The generational differences are perhaps most evident in the fact that, according to almost all recent surveys, a substantial number of today's associates are not sure they want to become partners, even assuming they're afforded the opportunity. This new reality undermines the traditional assumption that the primary motivation for young lawyers to join firms, work hard, and sacrifice their personal lives was the possibility of partnership dangling in the future. Many associates are now questioning whether the prize is really worth the effort.
As a result, the "implicit bargain" between young lawyers and their firms has changed, says Steve Armstrong, director of career development at Wilmer Hale, which has an office in Palo Alto. The traditional motivation of potential partnership has been replaced by a new attitude that goes something like this: "I will come and work hard for you, not because I expect to become a partner but rather to gain useful experience and training that will better prepare me for my next job?whatever that may be."
To be sure, associates are changing jobs with increasing regularity. Forty percent of all entry-level associates?and 52 percent of all lateral hires-leave their firms within three years, according to a National Association of Law Placement study that looked at associate attrition from 2000 through 2005. At five years, the figures are even bleaker: 78 percent of entry-level associates, and 84 percent of laterals, have departed.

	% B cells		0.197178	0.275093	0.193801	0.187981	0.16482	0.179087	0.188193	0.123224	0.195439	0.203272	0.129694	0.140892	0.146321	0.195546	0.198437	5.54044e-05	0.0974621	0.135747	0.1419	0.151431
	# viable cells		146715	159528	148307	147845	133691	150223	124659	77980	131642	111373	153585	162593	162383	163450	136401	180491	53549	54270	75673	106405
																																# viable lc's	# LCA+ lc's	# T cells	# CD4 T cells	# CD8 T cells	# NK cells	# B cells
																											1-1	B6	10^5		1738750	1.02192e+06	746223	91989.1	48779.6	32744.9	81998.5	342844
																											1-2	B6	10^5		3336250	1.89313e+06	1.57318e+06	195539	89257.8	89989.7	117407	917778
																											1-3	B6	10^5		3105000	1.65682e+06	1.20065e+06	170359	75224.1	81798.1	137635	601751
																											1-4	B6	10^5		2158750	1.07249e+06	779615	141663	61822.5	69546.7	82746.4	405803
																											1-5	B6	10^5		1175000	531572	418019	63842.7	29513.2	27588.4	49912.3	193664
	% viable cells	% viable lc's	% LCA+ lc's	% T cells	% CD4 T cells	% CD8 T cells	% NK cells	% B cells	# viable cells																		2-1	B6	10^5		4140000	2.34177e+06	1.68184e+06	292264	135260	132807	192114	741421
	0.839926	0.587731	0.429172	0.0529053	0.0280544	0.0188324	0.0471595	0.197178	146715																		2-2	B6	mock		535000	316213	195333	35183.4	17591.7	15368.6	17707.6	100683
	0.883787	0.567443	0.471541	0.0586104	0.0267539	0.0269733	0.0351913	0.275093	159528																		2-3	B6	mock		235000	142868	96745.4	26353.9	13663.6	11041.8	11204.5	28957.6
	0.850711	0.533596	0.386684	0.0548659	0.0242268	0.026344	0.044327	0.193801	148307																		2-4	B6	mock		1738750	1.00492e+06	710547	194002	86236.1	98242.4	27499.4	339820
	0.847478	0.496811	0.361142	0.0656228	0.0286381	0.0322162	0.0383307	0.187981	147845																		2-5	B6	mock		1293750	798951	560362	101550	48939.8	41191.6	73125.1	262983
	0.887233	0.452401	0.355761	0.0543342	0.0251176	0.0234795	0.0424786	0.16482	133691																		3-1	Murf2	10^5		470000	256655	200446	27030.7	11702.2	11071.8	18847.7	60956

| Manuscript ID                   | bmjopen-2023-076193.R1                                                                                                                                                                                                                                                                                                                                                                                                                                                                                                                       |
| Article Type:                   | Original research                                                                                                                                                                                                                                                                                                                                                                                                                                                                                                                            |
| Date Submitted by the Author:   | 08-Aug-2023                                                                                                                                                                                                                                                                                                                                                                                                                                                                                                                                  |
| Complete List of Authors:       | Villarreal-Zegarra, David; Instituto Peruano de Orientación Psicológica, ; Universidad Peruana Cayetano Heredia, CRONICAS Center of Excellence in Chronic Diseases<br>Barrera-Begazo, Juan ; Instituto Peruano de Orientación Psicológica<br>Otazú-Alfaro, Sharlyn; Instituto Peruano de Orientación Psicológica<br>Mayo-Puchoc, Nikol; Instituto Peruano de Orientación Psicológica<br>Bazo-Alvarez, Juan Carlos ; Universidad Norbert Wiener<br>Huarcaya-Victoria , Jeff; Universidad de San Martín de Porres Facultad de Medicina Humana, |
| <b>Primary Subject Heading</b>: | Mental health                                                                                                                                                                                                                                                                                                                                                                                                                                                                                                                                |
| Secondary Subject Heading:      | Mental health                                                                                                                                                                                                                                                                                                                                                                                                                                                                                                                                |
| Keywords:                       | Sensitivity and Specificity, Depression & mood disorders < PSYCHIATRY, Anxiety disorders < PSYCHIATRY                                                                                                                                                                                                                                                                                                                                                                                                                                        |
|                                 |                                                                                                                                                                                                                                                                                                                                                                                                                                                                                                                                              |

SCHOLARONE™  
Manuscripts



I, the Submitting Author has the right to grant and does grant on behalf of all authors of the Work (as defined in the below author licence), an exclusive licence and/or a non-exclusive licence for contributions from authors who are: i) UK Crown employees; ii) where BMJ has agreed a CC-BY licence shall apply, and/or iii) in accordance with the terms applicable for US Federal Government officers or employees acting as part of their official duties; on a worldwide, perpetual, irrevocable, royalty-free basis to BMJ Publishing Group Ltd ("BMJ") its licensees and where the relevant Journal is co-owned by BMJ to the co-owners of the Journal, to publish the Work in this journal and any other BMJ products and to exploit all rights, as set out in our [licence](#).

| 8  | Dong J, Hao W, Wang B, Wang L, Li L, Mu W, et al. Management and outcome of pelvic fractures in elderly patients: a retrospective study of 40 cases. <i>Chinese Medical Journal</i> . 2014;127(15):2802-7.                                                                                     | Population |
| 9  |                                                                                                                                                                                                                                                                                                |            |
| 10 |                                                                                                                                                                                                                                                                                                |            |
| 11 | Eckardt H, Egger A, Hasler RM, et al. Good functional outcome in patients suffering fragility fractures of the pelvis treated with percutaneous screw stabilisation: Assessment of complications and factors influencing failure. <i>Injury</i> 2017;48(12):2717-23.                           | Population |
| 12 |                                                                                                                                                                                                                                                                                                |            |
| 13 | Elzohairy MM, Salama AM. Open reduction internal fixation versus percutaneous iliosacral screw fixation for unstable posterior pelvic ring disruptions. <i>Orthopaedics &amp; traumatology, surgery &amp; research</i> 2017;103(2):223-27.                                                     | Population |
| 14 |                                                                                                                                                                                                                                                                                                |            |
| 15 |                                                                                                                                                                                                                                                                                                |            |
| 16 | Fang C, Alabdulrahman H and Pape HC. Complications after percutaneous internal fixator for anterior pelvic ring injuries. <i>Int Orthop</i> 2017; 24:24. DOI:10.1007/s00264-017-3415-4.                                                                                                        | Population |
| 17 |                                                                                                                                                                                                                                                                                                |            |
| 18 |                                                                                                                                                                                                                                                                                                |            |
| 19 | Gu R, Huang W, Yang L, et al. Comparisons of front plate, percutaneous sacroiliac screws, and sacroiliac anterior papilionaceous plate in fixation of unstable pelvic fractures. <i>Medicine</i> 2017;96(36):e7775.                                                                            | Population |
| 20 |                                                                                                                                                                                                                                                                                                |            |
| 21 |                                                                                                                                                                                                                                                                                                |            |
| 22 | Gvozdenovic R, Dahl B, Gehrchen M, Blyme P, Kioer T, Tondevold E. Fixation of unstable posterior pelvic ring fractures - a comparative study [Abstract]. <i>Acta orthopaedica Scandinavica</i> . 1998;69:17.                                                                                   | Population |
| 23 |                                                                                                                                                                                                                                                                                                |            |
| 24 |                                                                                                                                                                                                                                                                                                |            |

There's an additional complication: As the boomers move into retirement during the next ten years, the changing of the guard may well lead to what some are calling a demographic train wreck. The next generation of lawyers?Gen Xers?is only about half as large as that of the boomer generation. As the managing partner of one leading national firm put it recently, "What I really worry about is where the next generation of leaders for our firm is going to come from."
Anticipating and adjusting to these demographic changes will be a major challenge for firms over the next decade or so. Already in some large firms, imaginative and innovative strategies are beginning to emerge?such as increasing the number of job options for attorneys, providing more flexible working arrangements, and doing more to develop in-house talent. Eventually, however, firms of all sizes will have to adapt, and the resulting changes will likely reshape the firms themselves in important ways.
It seems clear that the traditional up-or-out partnership model may soon be unsustainable. Signs of this are already visible: Many firms have created separate categories of income and nonequity partners and have introduced other permanent nonpartner lawyer positions sometimes called counsel, senior associate, and staff attorney.